The Plot: Miracle and Mirage
The Plot: Miracle and Mirage (2019) is a research project by Alejandra Celedón, Nicolás Stutzin, and Javier Correa uncovering the history of how experiments in free- market economics engendered an urban model. In the 1970s and 1980s, a group of Chilean economists trained at the Chicago School of Economics were responsible for conceiving the wholesale privatization of social services and financial infrastructure during their country’s violent right-wing military dictatorship. They made Santiago, Chile’s capital, an “experiment in freedom”—a laboratory for new forms of financially driven urban development and housing policies now associated with the global housing crisis.
Beyond the City: The South American Hinterland in the Soils of the 21st Century
From the gradual urbanization of the Atacama Desert to the unchecked pumping of oil in the Brazilian, Ecuadorian, and Peruvian Amazon, inland South America is host to both large-scale infrastructural projects and resource extraction. South American governments commit their natural resources to foreign buyers in exchange for loans and (often poorly planned and executed) public works projects. Somatic Collaborative’s Beyond the City: The South American Hinterland in the Soils of the 21st Century (2019) demonstrates how architecture and urbanism have shaped the spaces where resource extraction takes place. It visualizes five projects in five territories involving five resources.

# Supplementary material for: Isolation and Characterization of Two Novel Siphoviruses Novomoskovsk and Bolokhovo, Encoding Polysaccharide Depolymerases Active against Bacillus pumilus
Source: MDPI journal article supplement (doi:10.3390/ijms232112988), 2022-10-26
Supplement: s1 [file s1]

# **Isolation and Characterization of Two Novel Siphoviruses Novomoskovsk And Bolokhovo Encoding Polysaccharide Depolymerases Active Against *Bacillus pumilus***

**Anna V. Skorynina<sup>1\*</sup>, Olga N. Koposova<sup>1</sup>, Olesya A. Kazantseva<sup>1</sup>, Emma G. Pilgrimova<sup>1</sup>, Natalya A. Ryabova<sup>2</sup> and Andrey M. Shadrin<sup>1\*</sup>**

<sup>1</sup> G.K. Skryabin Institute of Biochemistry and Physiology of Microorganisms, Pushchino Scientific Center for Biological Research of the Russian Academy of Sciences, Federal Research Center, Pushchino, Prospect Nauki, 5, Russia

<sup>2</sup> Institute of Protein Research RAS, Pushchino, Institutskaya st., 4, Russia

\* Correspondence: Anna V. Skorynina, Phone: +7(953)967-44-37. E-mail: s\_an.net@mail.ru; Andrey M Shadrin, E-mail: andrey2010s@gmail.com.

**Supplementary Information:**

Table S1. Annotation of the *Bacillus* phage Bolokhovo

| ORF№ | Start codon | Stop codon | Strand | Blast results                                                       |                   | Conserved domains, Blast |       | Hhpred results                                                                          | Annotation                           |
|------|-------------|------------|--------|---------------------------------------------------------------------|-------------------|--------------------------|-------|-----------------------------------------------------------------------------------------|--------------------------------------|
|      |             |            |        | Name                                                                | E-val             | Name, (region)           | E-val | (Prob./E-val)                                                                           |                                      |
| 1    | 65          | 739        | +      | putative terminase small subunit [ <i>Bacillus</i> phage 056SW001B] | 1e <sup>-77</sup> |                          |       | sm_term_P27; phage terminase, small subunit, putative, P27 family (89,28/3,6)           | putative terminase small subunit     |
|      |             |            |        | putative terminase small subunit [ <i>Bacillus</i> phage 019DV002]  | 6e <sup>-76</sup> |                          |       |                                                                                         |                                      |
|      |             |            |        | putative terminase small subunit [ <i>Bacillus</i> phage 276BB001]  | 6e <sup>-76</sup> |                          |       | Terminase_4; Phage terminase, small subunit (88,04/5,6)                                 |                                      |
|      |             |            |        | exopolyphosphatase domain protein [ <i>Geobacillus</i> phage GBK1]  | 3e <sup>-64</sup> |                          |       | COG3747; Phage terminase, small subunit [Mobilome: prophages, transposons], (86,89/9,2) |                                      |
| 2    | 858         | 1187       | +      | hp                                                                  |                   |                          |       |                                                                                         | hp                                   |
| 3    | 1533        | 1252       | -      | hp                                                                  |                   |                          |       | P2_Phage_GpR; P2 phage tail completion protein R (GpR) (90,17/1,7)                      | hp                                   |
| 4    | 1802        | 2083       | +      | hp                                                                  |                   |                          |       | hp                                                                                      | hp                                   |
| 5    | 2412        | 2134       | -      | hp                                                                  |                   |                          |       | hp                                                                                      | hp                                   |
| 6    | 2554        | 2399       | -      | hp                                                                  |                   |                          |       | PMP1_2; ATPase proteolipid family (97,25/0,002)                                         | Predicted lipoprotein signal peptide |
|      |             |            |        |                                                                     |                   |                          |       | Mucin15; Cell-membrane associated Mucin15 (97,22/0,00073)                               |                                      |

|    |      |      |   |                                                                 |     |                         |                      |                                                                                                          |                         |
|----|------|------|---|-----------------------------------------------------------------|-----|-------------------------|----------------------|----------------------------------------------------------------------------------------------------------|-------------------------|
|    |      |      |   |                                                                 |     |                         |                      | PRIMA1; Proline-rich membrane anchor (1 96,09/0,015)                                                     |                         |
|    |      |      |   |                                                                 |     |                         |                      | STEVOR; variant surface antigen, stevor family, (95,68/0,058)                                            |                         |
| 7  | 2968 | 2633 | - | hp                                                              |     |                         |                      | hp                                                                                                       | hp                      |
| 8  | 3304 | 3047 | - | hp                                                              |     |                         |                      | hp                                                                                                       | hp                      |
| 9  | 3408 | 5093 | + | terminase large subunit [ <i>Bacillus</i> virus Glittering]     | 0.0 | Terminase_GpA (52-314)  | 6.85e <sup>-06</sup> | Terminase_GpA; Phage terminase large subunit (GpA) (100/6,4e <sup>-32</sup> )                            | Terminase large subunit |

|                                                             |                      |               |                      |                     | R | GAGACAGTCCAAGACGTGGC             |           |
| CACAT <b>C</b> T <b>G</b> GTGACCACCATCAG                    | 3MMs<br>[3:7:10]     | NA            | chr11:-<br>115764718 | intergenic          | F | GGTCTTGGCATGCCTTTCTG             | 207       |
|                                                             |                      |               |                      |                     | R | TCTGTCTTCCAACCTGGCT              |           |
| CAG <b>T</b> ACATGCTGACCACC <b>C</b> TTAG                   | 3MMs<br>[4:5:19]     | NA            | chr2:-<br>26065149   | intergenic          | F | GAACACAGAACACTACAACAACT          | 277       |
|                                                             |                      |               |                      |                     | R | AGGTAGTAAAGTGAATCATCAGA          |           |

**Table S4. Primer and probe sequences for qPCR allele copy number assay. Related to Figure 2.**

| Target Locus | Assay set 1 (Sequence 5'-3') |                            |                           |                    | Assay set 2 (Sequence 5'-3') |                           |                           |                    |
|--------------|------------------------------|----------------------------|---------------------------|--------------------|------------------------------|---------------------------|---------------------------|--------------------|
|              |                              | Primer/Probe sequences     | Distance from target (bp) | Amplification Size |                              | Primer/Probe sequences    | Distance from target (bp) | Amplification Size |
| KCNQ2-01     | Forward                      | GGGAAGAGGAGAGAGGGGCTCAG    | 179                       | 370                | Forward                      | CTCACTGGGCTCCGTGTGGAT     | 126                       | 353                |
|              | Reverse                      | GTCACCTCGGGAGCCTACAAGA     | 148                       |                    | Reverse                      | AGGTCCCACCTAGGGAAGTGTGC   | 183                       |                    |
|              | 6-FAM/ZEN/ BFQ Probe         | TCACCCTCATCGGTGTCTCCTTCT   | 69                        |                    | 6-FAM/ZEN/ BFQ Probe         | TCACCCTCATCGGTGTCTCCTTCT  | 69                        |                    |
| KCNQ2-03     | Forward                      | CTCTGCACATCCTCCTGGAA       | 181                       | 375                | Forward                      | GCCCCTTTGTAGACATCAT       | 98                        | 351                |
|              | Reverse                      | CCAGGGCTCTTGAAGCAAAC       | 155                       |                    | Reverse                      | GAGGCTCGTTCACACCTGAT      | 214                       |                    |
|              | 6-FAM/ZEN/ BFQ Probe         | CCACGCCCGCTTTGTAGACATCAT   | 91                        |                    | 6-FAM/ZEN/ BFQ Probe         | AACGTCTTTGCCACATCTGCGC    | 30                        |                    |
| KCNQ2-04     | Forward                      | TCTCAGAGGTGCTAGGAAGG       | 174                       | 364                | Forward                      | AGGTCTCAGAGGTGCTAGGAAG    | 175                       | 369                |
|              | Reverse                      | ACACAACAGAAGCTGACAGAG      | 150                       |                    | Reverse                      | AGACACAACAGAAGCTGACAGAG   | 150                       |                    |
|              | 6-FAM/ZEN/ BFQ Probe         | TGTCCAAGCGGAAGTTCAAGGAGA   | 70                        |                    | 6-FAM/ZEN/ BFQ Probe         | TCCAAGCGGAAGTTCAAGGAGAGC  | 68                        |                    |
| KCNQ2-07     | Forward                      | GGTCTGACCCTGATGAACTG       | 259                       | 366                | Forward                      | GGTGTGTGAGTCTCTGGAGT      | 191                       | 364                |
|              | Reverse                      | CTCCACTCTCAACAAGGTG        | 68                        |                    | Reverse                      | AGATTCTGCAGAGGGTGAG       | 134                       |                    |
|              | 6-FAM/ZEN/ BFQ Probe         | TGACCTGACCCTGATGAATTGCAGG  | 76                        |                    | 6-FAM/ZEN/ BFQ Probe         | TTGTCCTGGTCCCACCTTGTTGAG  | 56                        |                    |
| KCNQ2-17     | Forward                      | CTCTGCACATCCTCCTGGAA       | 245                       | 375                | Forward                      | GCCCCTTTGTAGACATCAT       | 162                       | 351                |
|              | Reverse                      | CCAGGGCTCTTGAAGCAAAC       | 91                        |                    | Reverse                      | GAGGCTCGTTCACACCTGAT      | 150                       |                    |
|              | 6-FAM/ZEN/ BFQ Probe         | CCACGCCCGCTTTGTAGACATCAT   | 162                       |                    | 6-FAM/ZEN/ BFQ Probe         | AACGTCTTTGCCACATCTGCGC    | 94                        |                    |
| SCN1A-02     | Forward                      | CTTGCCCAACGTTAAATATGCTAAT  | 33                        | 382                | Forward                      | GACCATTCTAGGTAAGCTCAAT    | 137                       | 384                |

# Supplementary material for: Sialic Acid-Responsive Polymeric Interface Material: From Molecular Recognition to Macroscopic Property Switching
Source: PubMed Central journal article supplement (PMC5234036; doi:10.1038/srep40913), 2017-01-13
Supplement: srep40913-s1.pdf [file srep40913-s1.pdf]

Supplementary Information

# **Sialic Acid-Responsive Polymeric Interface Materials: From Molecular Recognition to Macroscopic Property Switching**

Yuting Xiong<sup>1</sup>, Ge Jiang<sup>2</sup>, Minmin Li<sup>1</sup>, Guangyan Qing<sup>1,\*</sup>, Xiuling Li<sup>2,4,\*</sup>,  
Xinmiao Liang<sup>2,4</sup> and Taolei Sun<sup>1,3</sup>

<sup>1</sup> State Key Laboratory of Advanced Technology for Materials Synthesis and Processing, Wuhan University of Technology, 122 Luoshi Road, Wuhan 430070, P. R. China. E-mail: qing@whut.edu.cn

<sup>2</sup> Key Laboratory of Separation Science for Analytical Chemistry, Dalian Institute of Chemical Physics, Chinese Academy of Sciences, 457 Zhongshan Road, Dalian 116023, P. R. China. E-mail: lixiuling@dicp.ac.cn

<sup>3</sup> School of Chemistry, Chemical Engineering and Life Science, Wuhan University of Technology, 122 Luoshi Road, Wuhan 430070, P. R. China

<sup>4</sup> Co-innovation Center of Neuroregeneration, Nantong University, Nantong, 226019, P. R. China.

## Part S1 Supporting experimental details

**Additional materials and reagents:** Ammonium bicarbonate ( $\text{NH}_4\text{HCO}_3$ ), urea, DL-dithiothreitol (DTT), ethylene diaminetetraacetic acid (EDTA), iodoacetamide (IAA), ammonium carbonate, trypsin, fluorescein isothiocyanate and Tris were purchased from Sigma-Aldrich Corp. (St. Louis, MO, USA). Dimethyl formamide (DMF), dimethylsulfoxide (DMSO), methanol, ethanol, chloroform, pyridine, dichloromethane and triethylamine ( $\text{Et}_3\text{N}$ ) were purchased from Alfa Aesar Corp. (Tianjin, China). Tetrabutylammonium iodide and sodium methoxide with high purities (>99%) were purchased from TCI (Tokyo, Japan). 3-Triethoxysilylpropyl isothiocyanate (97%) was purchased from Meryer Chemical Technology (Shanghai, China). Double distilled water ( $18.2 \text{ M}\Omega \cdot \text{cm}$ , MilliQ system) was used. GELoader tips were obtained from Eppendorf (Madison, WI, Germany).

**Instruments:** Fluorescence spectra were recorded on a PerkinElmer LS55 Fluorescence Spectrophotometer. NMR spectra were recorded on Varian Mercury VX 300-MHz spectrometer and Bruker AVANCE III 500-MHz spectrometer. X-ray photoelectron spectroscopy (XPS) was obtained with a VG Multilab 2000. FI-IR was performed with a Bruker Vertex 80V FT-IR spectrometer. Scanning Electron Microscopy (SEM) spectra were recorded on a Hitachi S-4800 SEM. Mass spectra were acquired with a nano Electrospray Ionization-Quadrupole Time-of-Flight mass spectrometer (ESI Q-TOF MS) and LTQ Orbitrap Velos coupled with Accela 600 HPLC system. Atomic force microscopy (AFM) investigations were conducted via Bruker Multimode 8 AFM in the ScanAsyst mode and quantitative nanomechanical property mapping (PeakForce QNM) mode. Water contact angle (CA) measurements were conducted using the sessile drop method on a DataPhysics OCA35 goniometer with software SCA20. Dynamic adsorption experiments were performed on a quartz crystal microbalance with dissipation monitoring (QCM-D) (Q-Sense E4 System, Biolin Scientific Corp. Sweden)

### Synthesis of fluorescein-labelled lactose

Dheisheh is a Palestinian refugee camp established in 1949. From 2015 to 2017, Decolonizing Architecture Art Residency convened politicians, conservation experts, activists, and local residents to discuss the implications of nominating Dheisheh—a place established with the intention of being temporary—as a World Heritage Site. Refugee Heritage (2015-2018) presents the heritage nomination application, images of Dheisheh, and documentation on the current state of the home villages of the first generation of Dheisheh refugees. It challenges definitions of heritage, asking instead how architectural instruments can be undermined, or mobilized as agents of political transformation.
Visitors should also check out Decolonizing the Chicago Cultural Center. Settler Colonial City Project, led by architects Ana María León and Andrew Herscher, proposes that settler colonialism is an ongoing reality in the Americas. Made in collaboration with Chicago’s American Indian Center, the first urban-based Native community center in the United States, Decolonizing the Chicago Cultural Center (2019) offers a “decolonized” reading of the building and the city of Chicago. Their publications, public programs, and site-specific interventions reveal hidden stories of colonial violence embedded in the building.